Review of Acer C670 Chromebook – Solid Performance at a Great Price

When I received the Acer C670 to review, I commented to my wife that the world has come full circle. When I started my career first in networking then in telecommunications, I had a green screen CRT that tied me back into mainframe.  Now, I have a Chromebook that ties me back into the Cloud. The only difference is that power and performance in a Chromebook is far superior to a dumb terminal.

The Acer C670 Chromebook is by all accounts a middle-of-the-road spec’d device. But don’t let that fool you or pass it over.  At only $149, it is an exceptional value for what it does and it has plenty of horsepower to meet your needs as a lightweight, almost always connected device. Truthfully the keyboard on the C670 is one of the better chicklet-style keyboards I’ve tested and it is large enough to feel like you are typing on a full sized keyboard.  While the display on the C670 could stand to be a bit better, overall this Chromebook is one to consider if you need something lightweight, small and always ready-to-go for your Google Doc and other online editing needs.

Acer C670 Chromebook – $149.99 – Amazon


The C670 is clamshell, laptop style device that has an 11.6″ LCD display that renders a 1366 x 768 display at 135 ppi (Pixels Per Inch). The display is powered by an Intel HD chipset that shares

Asus C670 Chromebook
Asus C670 Chromebook

some of the 2GB of DDRL3 SDRAM that is installed in the unit. Powering the C670 is the Intel Celeron N2830 processor clocked at 2.16Ghz. The Wi-Fi connectivity built into the C670 supports 802.11ac.

Some will look at the processor and RAM combination and assume that the C670 is under powered.  Remember that for all intents and purposes, a Chromebook is little more than a Chrome browser.  That means it doesn’t really need a lot of horsepower to run smoothly.  That is very much the case with this device but I will cover that in more detail in the Performance section.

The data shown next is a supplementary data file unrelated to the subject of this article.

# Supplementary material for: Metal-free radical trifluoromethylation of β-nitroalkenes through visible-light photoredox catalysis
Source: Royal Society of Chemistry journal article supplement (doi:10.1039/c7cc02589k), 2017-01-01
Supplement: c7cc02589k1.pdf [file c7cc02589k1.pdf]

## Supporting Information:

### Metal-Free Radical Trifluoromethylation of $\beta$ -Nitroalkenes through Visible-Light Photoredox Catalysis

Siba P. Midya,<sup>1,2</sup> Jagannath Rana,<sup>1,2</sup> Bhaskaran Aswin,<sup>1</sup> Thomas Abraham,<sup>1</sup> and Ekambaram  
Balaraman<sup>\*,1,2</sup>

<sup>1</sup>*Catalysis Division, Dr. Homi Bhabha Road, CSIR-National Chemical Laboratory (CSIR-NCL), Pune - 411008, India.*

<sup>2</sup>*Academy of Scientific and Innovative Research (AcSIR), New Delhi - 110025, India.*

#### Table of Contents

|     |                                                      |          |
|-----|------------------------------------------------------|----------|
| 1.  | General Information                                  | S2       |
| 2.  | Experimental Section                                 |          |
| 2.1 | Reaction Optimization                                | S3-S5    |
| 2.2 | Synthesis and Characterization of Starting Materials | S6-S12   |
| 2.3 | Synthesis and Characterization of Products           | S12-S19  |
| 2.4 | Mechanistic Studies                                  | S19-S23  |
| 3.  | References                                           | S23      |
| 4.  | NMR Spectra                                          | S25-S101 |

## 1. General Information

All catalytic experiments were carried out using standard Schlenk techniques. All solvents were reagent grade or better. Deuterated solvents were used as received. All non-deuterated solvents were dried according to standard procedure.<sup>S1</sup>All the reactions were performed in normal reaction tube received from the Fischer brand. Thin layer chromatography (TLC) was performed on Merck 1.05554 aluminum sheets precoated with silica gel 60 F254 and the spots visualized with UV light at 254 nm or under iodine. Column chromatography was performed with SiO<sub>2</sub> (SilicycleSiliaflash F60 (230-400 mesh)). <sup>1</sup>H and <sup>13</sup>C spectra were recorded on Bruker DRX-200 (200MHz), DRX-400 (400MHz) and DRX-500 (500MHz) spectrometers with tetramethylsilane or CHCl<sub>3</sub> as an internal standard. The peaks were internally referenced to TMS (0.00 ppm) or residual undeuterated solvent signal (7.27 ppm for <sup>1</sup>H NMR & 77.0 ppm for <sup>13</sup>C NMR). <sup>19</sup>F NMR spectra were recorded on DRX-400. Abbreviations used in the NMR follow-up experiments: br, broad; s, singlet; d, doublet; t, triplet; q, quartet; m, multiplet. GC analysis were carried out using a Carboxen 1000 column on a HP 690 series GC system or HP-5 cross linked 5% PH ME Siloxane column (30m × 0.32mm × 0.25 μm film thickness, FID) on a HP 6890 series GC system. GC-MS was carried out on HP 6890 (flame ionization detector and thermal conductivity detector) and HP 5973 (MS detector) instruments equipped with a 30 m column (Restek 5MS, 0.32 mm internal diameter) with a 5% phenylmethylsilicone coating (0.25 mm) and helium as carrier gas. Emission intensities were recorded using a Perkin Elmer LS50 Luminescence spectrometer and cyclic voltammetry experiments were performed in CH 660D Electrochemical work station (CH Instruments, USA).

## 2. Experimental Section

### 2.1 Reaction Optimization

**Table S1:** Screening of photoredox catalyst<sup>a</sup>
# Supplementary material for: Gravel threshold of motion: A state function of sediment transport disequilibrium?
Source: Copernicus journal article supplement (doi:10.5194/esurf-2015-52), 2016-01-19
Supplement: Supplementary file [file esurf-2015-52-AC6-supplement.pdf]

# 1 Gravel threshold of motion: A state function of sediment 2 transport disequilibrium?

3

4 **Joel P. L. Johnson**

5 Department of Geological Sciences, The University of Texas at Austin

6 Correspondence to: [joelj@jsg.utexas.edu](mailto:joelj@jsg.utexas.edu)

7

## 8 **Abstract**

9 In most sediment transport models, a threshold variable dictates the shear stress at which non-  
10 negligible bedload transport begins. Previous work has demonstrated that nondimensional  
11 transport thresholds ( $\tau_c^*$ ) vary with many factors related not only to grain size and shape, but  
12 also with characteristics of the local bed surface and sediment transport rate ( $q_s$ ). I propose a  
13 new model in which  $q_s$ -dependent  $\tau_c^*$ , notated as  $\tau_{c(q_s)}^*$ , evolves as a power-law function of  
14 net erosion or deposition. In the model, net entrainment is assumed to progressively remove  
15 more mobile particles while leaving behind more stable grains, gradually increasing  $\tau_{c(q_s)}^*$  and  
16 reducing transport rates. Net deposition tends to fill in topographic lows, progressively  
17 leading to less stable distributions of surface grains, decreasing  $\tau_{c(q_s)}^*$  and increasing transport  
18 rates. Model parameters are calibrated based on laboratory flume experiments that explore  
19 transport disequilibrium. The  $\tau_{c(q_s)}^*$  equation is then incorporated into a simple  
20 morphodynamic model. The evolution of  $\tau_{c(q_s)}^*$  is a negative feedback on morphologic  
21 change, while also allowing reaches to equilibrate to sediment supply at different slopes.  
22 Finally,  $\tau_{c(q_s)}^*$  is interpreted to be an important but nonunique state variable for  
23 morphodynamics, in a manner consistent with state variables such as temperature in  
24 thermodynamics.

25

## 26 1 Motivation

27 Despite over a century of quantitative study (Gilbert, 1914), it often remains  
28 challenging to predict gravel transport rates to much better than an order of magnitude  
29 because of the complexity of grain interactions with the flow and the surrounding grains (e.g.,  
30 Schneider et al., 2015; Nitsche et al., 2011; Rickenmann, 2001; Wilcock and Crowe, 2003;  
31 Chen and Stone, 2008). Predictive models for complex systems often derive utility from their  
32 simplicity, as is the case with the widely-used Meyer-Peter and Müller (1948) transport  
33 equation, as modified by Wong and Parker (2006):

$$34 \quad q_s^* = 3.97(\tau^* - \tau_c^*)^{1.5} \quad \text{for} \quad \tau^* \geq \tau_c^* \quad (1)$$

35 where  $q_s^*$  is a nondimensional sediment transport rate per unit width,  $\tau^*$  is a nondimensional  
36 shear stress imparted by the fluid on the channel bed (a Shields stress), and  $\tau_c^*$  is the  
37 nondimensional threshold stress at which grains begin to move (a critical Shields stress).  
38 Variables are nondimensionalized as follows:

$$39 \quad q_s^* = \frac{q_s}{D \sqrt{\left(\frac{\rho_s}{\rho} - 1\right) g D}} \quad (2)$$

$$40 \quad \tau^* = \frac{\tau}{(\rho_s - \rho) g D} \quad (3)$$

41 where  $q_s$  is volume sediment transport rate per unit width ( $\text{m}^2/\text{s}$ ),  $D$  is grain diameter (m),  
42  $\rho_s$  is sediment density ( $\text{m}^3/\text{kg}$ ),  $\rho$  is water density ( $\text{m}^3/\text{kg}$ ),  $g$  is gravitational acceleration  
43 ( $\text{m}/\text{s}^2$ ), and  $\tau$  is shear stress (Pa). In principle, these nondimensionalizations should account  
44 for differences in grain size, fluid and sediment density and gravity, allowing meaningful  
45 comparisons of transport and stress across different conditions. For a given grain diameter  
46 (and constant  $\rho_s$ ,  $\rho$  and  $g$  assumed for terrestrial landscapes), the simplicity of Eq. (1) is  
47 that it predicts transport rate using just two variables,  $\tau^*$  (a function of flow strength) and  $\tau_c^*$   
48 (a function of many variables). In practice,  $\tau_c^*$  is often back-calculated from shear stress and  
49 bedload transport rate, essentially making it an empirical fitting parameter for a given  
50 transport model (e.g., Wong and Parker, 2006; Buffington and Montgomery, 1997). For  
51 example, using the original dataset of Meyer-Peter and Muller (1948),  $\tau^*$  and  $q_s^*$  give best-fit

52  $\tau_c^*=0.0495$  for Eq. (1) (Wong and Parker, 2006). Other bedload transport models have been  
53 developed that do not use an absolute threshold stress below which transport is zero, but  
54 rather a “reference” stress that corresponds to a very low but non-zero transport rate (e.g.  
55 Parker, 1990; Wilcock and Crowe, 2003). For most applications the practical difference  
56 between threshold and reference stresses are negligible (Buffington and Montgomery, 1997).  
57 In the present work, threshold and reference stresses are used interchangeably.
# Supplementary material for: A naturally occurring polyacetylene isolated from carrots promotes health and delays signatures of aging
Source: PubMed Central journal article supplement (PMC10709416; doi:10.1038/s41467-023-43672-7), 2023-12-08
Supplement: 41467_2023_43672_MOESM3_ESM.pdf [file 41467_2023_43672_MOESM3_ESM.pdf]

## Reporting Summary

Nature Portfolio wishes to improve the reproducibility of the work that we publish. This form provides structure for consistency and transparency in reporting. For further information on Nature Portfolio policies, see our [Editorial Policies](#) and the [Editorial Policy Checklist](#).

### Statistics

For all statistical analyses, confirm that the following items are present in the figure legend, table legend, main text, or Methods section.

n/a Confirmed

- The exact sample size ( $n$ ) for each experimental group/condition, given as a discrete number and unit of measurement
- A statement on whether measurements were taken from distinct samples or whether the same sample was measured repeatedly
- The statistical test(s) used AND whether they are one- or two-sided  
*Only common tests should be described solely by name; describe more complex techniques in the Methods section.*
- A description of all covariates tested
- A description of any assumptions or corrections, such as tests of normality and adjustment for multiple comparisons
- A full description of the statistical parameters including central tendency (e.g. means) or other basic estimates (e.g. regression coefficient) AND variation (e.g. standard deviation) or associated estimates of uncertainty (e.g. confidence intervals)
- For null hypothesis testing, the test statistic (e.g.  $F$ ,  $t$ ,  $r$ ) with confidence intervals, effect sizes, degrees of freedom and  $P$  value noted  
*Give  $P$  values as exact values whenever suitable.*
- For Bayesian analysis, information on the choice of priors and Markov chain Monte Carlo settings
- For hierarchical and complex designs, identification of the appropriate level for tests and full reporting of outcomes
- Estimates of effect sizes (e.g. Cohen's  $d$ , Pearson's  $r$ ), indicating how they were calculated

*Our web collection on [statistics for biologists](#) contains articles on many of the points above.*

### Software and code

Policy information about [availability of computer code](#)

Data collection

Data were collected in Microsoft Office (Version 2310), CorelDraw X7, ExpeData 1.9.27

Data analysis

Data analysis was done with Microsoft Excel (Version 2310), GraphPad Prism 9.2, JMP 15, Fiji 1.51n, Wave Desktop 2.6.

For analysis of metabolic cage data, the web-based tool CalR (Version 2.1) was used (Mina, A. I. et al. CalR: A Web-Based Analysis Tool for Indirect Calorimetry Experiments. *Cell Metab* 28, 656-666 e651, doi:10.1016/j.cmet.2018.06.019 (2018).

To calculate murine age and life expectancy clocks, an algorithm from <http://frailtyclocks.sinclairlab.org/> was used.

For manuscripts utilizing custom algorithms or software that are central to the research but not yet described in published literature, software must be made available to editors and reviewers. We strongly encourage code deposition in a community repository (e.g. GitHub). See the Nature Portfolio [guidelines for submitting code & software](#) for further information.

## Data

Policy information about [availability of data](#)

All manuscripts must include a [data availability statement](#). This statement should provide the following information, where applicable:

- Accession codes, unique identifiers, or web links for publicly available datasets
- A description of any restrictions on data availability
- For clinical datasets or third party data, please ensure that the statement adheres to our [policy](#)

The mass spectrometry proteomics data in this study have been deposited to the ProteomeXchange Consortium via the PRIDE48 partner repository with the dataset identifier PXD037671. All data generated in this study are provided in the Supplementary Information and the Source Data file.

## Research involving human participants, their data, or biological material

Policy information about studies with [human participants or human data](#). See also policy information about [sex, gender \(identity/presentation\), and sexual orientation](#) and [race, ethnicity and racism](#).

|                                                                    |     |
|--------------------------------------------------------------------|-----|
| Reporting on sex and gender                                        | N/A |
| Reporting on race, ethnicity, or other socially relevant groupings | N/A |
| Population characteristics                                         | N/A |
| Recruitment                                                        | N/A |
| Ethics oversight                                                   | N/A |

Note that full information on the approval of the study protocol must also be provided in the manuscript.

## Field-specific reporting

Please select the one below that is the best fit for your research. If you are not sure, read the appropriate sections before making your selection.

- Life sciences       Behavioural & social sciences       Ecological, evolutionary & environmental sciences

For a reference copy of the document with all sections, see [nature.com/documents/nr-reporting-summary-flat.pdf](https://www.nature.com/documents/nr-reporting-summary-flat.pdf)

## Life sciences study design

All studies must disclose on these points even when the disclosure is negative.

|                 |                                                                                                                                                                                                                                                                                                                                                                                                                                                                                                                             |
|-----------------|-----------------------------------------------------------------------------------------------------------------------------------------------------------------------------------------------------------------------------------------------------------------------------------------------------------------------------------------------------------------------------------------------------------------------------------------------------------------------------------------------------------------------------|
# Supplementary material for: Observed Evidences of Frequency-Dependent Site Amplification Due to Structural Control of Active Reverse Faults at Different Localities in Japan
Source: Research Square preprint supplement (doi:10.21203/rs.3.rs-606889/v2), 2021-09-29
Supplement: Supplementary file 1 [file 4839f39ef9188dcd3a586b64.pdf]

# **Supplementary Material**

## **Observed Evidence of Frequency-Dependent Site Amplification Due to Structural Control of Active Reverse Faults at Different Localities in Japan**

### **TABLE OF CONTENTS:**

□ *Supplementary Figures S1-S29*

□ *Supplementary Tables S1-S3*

Like other Chromebooks and lightweight Windows PCs of this same caliber, the C670 has 16GB of eMMC storage on board.  That can be expanded up to 128GB via the SD slot that is built into the unit.  Again, I’ll remind readers that with a Chromebook, all of your storage is in the cloud. In the case of a Chromebook, it is Google Drive.  You only have the local storage there for those times when you are offline or download something to the device rather than to your Google Drive account.

Physically the unit is 11.77 x 7.95 x 0.73 inches (L x W x H) and weights 2.4 lbs and has 1 USB 2.0 port, 1 USB 3.0 port, 1 HDMI port, a SD Card slot, audio out port for headphones and the power

USB and SD Card Reader of the C670
USB and SD Card Reader of the C670
USB and Audio Port of the C670
USB and Audio Port of the C670
HDMI and Power Ports of The C670
HDMI and Power Ports of The C670

connector to charge the unit.  The battery is a 3-cell Li-Polymer battery that is 3200mAh which provides 8.5 hours of battery life.  I’ll discuss it more in the performance section but the battery life on the C670 is stunningly impressive.

The primary input of the unit is the touchpad just below the keyboard.  The C670 does not have a touch screen which may be a turn off for some but at this price point, it isn’t surprising to not have a touchscreen.